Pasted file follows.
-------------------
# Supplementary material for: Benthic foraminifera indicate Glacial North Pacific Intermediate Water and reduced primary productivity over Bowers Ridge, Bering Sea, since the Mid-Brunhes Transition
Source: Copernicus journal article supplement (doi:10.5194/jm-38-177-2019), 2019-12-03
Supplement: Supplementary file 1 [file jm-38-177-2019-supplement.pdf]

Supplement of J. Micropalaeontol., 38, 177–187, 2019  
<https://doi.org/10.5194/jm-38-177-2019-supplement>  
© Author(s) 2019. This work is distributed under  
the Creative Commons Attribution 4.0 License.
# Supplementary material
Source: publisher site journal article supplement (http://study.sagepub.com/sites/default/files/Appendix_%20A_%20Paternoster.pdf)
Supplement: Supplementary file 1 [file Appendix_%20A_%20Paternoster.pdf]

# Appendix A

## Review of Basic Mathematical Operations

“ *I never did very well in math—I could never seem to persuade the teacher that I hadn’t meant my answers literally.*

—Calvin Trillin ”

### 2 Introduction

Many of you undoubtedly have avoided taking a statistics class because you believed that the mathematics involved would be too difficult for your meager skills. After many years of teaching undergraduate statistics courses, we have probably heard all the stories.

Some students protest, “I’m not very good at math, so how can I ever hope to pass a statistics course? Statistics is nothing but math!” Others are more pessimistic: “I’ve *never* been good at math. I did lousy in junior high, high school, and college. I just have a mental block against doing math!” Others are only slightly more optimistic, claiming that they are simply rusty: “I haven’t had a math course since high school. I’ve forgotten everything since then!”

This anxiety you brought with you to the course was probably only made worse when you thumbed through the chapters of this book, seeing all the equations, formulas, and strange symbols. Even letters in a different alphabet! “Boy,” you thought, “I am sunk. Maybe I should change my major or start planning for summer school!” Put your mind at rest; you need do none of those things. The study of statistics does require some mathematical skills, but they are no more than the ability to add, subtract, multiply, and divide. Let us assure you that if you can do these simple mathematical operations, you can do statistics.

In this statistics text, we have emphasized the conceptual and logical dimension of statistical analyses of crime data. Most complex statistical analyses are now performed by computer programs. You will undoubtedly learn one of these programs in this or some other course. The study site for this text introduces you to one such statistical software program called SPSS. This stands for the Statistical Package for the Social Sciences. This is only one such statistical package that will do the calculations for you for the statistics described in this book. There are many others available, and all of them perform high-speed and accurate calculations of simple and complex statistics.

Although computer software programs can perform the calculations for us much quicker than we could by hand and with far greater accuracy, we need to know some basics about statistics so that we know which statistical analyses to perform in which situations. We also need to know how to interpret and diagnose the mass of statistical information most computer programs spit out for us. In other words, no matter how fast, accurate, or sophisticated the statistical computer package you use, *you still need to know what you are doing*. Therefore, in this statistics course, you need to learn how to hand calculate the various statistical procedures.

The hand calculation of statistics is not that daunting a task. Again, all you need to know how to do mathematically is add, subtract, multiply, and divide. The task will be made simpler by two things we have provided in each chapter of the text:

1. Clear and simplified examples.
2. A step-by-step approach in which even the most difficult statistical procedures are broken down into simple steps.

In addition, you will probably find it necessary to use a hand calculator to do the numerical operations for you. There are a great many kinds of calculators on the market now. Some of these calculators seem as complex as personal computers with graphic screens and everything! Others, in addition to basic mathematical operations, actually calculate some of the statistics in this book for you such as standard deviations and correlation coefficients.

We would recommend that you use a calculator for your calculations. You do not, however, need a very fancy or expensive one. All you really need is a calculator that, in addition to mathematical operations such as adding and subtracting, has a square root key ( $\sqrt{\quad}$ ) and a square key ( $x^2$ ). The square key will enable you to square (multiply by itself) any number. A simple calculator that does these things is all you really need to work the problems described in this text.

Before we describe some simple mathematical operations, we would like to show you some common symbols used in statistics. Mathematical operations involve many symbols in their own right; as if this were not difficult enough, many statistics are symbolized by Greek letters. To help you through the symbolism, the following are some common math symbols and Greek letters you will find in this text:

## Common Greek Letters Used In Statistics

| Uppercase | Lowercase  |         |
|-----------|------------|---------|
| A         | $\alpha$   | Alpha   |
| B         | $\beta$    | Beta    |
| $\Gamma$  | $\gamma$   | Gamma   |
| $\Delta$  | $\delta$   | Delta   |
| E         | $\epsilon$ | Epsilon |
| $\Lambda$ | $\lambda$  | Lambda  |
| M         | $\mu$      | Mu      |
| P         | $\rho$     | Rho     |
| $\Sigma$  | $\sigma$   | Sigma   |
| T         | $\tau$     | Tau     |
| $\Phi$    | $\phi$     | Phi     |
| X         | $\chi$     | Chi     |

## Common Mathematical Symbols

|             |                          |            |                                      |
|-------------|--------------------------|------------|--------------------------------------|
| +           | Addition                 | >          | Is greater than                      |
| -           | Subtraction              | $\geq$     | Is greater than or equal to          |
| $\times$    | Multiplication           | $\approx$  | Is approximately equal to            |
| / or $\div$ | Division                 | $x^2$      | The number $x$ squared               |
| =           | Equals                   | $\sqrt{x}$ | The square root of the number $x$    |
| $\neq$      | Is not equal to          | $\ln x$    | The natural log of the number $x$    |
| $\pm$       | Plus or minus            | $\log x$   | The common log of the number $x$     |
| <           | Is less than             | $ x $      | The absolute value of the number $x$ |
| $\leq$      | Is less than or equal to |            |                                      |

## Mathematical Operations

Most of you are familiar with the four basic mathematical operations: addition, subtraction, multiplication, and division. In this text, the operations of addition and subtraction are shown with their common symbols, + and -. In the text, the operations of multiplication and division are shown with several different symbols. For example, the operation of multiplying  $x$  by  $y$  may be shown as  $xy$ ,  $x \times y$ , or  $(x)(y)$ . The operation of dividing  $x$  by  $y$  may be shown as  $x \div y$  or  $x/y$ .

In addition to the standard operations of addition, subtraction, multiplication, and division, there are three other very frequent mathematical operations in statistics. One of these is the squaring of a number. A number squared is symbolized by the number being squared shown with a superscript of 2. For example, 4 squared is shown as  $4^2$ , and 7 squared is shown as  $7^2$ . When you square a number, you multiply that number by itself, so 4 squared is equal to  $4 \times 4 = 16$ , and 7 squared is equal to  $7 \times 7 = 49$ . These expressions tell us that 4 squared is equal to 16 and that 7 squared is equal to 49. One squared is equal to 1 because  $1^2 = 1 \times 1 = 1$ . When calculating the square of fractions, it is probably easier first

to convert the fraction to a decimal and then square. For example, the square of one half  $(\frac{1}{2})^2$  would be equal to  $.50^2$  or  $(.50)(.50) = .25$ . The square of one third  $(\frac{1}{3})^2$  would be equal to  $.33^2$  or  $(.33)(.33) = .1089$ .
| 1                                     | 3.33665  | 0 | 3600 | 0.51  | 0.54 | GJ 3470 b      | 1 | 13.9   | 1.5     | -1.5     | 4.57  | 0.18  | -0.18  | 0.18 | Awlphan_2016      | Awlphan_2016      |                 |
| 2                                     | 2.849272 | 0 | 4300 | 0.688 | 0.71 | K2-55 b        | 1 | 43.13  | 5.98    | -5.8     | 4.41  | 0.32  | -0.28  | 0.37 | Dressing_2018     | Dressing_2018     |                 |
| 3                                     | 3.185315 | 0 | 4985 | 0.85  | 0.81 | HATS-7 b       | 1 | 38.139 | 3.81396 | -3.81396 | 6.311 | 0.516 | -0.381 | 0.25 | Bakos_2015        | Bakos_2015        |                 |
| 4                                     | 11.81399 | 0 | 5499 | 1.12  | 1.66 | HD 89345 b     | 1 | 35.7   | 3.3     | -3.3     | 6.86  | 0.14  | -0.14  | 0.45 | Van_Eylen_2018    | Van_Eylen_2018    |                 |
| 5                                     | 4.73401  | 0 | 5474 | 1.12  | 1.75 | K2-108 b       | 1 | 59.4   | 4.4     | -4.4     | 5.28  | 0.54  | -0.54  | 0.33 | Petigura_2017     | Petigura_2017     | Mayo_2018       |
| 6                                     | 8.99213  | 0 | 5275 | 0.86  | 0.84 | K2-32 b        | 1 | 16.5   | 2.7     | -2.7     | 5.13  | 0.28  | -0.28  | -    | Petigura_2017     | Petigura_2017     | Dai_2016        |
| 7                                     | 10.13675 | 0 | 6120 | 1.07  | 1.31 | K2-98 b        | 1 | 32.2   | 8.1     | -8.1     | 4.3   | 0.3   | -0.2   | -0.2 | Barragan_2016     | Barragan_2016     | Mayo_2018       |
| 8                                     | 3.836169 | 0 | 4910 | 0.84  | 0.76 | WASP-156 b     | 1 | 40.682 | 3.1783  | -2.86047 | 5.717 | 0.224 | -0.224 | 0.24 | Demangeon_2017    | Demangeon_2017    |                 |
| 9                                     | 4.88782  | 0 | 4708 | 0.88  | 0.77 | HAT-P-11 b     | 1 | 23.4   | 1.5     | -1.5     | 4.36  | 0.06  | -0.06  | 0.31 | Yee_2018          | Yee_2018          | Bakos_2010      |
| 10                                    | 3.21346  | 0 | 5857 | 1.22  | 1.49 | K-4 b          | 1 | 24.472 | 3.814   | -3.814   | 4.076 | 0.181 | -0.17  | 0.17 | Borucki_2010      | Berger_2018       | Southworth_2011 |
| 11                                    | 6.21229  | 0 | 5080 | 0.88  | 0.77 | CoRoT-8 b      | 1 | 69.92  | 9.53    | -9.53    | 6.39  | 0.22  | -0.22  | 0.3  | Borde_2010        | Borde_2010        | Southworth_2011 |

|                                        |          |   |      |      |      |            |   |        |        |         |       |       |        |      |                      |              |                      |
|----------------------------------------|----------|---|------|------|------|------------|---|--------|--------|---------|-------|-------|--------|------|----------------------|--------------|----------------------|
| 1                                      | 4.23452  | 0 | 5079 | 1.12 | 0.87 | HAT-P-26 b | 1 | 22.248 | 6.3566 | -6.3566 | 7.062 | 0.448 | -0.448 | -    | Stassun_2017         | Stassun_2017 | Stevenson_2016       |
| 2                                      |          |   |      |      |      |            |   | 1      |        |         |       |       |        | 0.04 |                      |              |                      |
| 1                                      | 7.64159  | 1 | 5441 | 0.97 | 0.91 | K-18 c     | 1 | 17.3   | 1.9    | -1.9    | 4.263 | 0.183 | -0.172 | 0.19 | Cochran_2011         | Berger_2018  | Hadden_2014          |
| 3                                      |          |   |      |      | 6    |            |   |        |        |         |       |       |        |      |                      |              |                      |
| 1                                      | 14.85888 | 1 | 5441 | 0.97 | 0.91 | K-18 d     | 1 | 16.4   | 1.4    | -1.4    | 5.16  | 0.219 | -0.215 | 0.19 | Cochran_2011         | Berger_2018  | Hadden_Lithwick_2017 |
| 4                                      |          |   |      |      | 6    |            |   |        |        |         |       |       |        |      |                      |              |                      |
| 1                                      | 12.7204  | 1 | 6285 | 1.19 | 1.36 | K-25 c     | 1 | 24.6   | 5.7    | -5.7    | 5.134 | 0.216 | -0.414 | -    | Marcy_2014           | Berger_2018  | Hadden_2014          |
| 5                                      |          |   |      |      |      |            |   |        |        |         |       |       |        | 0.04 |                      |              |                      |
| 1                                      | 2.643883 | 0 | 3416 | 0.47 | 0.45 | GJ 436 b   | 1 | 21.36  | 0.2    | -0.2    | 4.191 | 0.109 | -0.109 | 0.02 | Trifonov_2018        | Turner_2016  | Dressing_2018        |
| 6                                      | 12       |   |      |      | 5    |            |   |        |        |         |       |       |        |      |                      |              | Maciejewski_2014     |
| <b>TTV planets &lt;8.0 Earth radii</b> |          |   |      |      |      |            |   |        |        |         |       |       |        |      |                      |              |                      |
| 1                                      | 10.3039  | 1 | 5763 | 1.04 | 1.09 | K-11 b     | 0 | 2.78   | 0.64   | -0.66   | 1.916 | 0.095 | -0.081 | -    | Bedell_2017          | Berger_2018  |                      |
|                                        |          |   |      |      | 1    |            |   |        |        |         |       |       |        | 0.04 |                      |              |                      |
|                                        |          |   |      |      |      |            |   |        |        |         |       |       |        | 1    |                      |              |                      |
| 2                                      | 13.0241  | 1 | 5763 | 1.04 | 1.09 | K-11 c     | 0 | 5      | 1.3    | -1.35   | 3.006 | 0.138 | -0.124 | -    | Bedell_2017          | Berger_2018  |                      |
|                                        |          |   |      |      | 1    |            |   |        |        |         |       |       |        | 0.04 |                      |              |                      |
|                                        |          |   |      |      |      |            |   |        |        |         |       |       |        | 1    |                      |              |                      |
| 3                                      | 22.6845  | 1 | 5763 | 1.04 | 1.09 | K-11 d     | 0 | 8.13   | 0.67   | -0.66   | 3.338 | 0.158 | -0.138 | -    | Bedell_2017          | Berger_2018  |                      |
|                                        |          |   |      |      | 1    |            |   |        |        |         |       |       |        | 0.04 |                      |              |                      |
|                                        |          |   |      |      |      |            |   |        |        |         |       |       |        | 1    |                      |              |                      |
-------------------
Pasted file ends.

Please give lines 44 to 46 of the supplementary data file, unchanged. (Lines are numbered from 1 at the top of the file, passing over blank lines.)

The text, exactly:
|-------------|--------------------------|------------|--------------------------------------|
| +           | Addition                 | >          | Is greater than                      |
| -           | Subtraction              | $\geq$     | Is greater than or equal to          |